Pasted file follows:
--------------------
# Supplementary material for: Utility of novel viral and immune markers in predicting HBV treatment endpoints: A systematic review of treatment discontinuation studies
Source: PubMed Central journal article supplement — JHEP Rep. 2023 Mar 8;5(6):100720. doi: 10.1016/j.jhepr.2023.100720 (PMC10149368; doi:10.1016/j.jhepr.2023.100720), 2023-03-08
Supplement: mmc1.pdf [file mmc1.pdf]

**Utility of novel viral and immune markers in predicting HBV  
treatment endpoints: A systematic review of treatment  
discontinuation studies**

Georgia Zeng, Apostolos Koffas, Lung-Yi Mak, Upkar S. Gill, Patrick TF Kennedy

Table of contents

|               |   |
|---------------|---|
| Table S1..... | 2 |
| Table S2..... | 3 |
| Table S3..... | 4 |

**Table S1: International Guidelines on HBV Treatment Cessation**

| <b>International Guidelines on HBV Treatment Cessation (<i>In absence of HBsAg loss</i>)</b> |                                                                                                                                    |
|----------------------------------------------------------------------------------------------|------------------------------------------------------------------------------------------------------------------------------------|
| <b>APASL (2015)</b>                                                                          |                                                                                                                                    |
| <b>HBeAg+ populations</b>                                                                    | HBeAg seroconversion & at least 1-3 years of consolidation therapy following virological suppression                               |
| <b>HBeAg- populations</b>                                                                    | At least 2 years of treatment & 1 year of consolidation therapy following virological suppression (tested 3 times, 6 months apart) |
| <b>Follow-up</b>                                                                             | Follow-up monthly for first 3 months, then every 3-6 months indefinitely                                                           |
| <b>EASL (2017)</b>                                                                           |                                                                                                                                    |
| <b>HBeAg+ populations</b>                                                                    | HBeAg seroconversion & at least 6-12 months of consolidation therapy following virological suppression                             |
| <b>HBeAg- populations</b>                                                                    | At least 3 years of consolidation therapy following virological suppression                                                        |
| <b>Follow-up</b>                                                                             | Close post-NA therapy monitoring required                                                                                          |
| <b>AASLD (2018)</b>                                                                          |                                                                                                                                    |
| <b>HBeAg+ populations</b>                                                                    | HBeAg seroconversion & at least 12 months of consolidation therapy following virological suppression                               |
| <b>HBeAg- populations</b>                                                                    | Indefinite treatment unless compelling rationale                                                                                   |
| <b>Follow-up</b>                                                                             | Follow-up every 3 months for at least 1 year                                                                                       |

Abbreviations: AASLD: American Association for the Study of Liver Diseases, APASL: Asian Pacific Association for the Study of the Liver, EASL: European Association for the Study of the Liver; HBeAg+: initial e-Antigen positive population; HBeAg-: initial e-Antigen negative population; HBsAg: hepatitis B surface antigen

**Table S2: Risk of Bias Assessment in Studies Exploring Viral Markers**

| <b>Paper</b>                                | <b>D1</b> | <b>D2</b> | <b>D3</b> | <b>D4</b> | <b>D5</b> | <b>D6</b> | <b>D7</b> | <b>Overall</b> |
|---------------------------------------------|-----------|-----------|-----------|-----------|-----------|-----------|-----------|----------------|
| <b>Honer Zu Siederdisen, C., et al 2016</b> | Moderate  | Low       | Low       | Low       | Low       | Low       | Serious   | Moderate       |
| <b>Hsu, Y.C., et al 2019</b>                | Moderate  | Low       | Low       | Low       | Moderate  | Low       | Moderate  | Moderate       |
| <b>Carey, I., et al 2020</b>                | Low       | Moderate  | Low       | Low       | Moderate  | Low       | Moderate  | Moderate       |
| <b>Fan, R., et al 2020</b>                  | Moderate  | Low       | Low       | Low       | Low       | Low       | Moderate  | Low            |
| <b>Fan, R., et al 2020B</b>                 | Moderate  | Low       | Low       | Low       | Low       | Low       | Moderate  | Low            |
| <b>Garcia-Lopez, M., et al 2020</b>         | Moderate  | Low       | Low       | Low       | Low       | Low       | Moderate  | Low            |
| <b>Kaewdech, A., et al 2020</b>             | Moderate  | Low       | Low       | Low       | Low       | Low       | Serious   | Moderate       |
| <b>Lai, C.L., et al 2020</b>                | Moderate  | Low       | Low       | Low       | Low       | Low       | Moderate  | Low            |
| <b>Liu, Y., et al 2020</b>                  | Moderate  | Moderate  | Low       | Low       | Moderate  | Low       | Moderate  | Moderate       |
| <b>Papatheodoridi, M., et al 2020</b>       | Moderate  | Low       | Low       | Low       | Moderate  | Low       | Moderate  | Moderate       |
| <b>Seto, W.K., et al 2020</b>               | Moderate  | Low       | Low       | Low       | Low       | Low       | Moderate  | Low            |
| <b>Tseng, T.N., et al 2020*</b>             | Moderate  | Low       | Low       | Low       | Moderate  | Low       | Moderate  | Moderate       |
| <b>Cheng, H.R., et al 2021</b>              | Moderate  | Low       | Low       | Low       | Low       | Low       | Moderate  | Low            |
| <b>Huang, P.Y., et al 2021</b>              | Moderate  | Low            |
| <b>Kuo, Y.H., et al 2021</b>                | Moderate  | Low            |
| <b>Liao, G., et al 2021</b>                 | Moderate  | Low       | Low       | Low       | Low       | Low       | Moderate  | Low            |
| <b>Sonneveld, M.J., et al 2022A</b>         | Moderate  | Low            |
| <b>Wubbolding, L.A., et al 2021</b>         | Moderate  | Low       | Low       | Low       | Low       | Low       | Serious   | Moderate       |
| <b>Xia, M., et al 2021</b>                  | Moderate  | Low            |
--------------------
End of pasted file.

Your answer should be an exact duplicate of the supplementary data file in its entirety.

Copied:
# Supplementary material for: Utility of novel viral and immune markers in predicting HBV treatment endpoints: A systematic review of treatment discontinuation studies
Source: PubMed Central journal article supplement — JHEP Rep. 2023 Mar 8;5(6):100720. doi: 10.1016/j.jhepr.2023.100720 (PMC10149368; doi:10.1016/j.jhepr.2023.100720), 2023-03-08
Supplement: mmc1.pdf [file mmc1.pdf]

**Utility of novel viral and immune markers in predicting HBV  
treatment endpoints: A systematic review of treatment  
discontinuation studies**

Georgia Zeng, Apostolos Koffas, Lung-Yi Mak, Upkar S. Gill, Patrick TF Kennedy

Table of contents

|               |   |
|---------------|---|
| Table S1..... | 2 |
| Table S2..... | 3 |
| Table S3..... | 4 |

**Table S1: International Guidelines on HBV Treatment Cessation**

| <b>International Guidelines on HBV Treatment Cessation (<i>In absence of HBsAg loss</i>)</b> |                                                                                                                                    |
|----------------------------------------------------------------------------------------------|------------------------------------------------------------------------------------------------------------------------------------|
| <b>APASL (2015)</b>                                                                          |                                                                                                                                    |
| <b>HBeAg+ populations</b>                                                                    | HBeAg seroconversion & at least 1-3 years of consolidation therapy following virological suppression                               |
| <b>HBeAg- populations</b>                                                                    | At least 2 years of treatment & 1 year of consolidation therapy following virological suppression (tested 3 times, 6 months apart) |
| <b>Follow-up</b>                                                                             | Follow-up monthly for first 3 months, then every 3-6 months indefinitely                                                           |
| <b>EASL (2017)</b>                                                                           |                                                                                                                                    |
| <b>HBeAg+ populations</b>                                                                    | HBeAg seroconversion & at least 6-12 months of consolidation therapy following virological suppression                             |
| <b>HBeAg- populations</b>                                                                    | At least 3 years of consolidation therapy following virological suppression                                                        |
| <b>Follow-up</b>                                                                             | Close post-NA therapy monitoring required                                                                                          |
| <b>AASLD (2018)</b>                                                                          |                                                                                                                                    |
| <b>HBeAg+ populations</b>                                                                    | HBeAg seroconversion & at least 12 months of consolidation therapy following virological suppression                               |
| <b>HBeAg- populations</b>                                                                    | Indefinite treatment unless compelling rationale                                                                                   |
| <b>Follow-up</b>                                                                             | Follow-up every 3 months for at least 1 year                                                                                       |

Abbreviations: AASLD: American Association for the Study of Liver Diseases, APASL: Asian Pacific Association for the Study of the Liver, EASL: European Association for the Study of the Liver; HBeAg+: initial e-Antigen positive population; HBeAg-: initial e-Antigen negative population; HBsAg: hepatitis B surface antigen

**Table S2: Risk of Bias Assessment in Studies Exploring Viral Markers**

| <b>Paper</b>                                | <b>D1</b> | <b>D2</b> | <b>D3</b> | <b>D4</b> | <b>D5</b> | <b>D6</b> | <b>D7</b> | <b>Overall</b> |
|---------------------------------------------|-----------|-----------|-----------|-----------|-----------|-----------|-----------|----------------|
| <b>Honer Zu Siederdisen, C., et al 2016</b> | Moderate  | Low       | Low       | Low       | Low       | Low       | Serious   | Moderate       |
| <b>Hsu, Y.C., et al 2019</b>                | Moderate  | Low       | Low       | Low       | Moderate  | Low       | Moderate  | Moderate       |
| <b>Carey, I., et al 2020</b>                | Low       | Moderate  | Low       | Low       | Moderate  | Low       | Moderate  | Moderate       |
| <b>Fan, R., et al 2020</b>                  | Moderate  | Low       | Low       | Low       | Low       | Low       | Moderate  | Low            |
| <b>Fan, R., et al 2020B</b>                 | Moderate  | Low       | Low       | Low       | Low       | Low       | Moderate  | Low            |
| <b>Garcia-Lopez, M., et al 2020</b>         | Moderate  | Low       | Low       | Low       | Low       | Low       | Moderate  | Low            |
| <b>Kaewdech, A., et al 2020</b>             | Moderate  | Low       | Low       | Low       | Low       | Low       | Serious   | Moderate       |
| <b>Lai, C.L., et al 2020</b>                | Moderate  | Low       | Low       | Low       | Low       | Low       | Moderate  | Low            |
| <b>Liu, Y., et al 2020</b>                  | Moderate  | Moderate  | Low       | Low       | Moderate  | Low       | Moderate  | Moderate       |
| <b>Papatheodoridi, M., et al 2020</b>       | Moderate  | Low       | Low       | Low       | Moderate  | Low       | Moderate  | Moderate       |
| <b>Seto, W.K., et al 2020</b>               | Moderate  | Low       | Low       | Low       | Low       | Low       | Moderate  | Low            |
| <b>Tseng, T.N., et al 2020*</b>             | Moderate  | Low       | Low       | Low       | Moderate  | Low       | Moderate  | Moderate       |
| <b>Cheng, H.R., et al 2021</b>              | Moderate  | Low       | Low       | Low       | Low       | Low       | Moderate  | Low            |
| <b>Huang, P.Y., et al 2021</b>              | Moderate  | Low            |
| <b>Kuo, Y.H., et al 2021</b>                | Moderate  | Low            |
| <b>Liao, G., et al 2021</b>                 | Moderate  | Low       | Low       | Low       | Low       | Low       | Moderate  | Low            |
| <b>Sonneveld, M.J., et al 2022A</b>         | Moderate  | Low            |
| <b>Wubbolding, L.A., et al 2021</b>         | Moderate  | Low       | Low       | Low       | Low       | Low       | Serious   | Moderate       |
| <b>Xia, M., et al 2021</b>                  | Moderate  | Low            |